A look back at the best tech ads of the last 35 years
Last week the Association of Independent Commercial Producers announced the winners of its annual awards honoring the best moving image marketing of the year and Apple’s “Welcome Home” ad took home the prize for Advertising Excellence in the single commercial category. Directed by Spike Jonze, the person behind movies like Her and Being John Malkovich, the musical short film follows the journey of a young woman, FKA Twigs, as she returns home from a challenging work day to an empty apartment. After asking Siri to “play something [she’d] like” her world is literally transformed as the music of Anderson .Paak’s “Til It’s Over” spills out of her HomePod.
With stunning visuals (most of which were not CGI) and captivating choreography, Jonze breathes life into a product that got mixed reviews after its release in February. This made us think, what other tech commercials have grabbed our attention in the last 35 years and transformed how we think about technology? Here are a few of our favorites.
It’s hard to talk about transformative tech ads without mentioning this one first. This Super Bowl ad from 1984 was directed by Ridley Scott (who directed Alien in 1979) and was the world’s introduction to the Macintosh personal computer. The ad draws some not-so-subtle connections between PC consumerism and soulless corporate office spaces of the 1980s to George Orwell’s dystopian ‘1984.’
In the commercial, a depiction of Big Brother speaks hypnotically to a mass of identical workers as a woman in bright colors streaks through the crowd, mallet in hand. With Olympian effort, she sends it flying into the screen, disrupting the status quo of personal computing and promising the world that with the Macintosh “1984 won’t be like ‘1984′.”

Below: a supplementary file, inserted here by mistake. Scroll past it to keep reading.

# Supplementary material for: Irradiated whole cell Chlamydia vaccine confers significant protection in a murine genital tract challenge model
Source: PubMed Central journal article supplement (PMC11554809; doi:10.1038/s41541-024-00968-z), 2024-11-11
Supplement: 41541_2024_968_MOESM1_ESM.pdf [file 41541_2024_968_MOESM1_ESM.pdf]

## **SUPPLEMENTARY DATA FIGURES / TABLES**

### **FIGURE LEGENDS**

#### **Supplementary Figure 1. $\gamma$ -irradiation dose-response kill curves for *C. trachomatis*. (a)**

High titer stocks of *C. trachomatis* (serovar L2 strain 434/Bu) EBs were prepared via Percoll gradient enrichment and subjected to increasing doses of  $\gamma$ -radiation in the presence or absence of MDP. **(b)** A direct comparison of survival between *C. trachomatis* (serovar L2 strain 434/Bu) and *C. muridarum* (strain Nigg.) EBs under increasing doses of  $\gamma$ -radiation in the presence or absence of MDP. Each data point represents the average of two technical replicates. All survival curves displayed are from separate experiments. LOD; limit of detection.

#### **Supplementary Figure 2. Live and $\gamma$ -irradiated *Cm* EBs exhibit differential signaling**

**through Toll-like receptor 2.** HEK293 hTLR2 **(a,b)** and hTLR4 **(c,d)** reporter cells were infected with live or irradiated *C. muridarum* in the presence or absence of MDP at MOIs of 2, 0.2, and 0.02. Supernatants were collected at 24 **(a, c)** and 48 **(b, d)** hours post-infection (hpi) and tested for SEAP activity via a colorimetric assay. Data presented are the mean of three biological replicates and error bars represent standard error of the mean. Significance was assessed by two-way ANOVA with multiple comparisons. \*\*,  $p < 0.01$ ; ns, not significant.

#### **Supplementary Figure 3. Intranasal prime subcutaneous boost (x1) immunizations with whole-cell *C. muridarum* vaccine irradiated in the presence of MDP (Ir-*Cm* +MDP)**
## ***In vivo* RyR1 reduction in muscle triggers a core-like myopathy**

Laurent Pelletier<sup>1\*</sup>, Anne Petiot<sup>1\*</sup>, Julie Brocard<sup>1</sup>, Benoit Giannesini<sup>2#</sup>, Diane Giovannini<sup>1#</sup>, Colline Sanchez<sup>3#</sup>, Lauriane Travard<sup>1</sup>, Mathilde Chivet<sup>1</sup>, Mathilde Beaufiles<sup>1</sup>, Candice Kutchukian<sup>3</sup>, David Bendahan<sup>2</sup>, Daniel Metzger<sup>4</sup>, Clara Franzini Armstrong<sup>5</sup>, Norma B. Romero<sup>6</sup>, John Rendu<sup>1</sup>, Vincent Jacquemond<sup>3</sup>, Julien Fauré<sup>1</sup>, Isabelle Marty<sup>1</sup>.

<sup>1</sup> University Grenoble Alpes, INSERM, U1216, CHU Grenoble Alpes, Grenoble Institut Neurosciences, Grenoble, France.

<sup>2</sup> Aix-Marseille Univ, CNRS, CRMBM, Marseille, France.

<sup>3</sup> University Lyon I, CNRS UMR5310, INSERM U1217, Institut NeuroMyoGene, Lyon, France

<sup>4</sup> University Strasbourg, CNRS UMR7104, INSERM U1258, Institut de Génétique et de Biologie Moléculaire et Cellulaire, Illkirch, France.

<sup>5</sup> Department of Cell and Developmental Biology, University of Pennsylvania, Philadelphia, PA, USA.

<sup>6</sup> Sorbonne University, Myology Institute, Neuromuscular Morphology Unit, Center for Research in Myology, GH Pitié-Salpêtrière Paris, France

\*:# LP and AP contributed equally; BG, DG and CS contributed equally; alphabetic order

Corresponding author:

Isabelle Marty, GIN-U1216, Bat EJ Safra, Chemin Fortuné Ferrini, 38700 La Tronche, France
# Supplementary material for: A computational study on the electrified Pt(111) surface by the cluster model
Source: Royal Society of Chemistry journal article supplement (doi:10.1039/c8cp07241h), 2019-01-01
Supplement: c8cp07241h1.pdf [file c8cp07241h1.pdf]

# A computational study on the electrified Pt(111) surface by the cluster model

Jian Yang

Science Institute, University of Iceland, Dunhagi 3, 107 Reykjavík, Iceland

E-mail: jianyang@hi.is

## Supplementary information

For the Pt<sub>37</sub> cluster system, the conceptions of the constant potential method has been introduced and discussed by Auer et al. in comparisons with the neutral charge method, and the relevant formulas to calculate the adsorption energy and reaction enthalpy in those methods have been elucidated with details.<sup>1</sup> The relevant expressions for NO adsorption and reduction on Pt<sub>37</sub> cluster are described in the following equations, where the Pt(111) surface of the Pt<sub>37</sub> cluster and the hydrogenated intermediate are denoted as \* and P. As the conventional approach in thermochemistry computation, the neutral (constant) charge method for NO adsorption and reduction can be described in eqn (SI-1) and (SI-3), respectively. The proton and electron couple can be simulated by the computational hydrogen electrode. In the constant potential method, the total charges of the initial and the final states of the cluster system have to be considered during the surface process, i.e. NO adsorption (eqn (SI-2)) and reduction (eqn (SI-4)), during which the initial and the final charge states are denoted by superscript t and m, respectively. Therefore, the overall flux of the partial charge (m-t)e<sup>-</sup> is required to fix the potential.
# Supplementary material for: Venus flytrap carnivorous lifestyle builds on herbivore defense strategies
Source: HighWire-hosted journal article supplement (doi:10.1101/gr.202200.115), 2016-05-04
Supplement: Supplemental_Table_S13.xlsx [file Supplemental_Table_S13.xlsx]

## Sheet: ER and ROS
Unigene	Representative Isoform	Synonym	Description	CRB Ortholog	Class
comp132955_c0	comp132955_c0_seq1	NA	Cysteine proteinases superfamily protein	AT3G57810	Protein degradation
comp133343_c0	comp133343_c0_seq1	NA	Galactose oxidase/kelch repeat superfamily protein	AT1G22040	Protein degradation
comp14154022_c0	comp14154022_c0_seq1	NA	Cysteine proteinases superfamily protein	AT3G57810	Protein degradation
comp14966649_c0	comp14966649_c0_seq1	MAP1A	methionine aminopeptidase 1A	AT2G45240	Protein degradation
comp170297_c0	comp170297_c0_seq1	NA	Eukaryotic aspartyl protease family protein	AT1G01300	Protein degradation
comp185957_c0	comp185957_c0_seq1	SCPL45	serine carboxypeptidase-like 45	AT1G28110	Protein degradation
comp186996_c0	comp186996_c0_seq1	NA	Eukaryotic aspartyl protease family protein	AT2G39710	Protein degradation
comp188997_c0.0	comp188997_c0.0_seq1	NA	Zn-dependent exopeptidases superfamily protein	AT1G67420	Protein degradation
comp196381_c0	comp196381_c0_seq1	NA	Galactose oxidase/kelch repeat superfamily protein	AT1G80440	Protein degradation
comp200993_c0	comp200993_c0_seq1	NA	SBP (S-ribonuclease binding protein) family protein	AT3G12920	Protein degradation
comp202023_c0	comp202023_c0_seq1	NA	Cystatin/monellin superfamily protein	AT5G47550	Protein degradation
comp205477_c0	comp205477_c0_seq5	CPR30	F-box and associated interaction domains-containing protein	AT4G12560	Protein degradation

Noticeably less high-concept than the introduction of the Macintosh, this 26-commercial campaign still captured a lot of attention in the earlier 2000s. The spots feature a character named Steven — a stereotypical easy-going, cool teenager who has a particular knack for charming parents into buying Dell computers for their families. A popular spot for Dell, the commercials even launched the star Ben Curtis into a little bit of fame himself. The actor recently appeared in a 2017 off-Broadway show, The Crusade of Connor Stephens.
Confession time: I loved these commercials as a kid. Like, binge-watched-them-on-Apple .com loved them. This campaign ran for four years between 2006 and 2009 and featured suit-clad John Hodgman as a PC and hoodie-toting Justin Long as a Mac. The commercials put these two computers in direct conversation with each other (quite literally) and highlighted different features of Mac computers (e.g. iMovie, Time Machine and being dual compatible with Windows) against its PC counterparts.
Not biting or hostile, Mac came across as laid-back and creative — everything Apple was telling its customers they could be — and left PC flustered in its wake. In 2010 Adweek declared this campaign the best in the first decade of a new century.
Stepping outside the world of personal computing, we can’t fail to mention this famous Verizon campaign. These spots ran between 2002 and 2011 and featured a character named Test Man, decked out in a Verizon jacket and large glasses, who traveled around to test the strength of Verizon’s network. Ever thorough, he consistently asks the tech on the other side of the line “can you hear me now?” In 2002 Test Man won an award from Entertainment Weekly for “Most Mysterious Pitchman.”
You might want to get some tissues ready for this one. This minimalist commercial aired during the Super Bowl in 2010 and follows the love story of a couple from their first meeting to marriage and starting a family; all within the window of a Google search. The ad was one of the most popular aired during the game and was actually designed by a handful of ad and design students known as “Google 5.” According to AdAge, the commercial concept was sparked by a comment in a Google brief to “remind people what they love about Google search” and a maxim by Google Creative Lab VP Robert Wong that “the best results don’t show up in a search engine, they show up in your life.”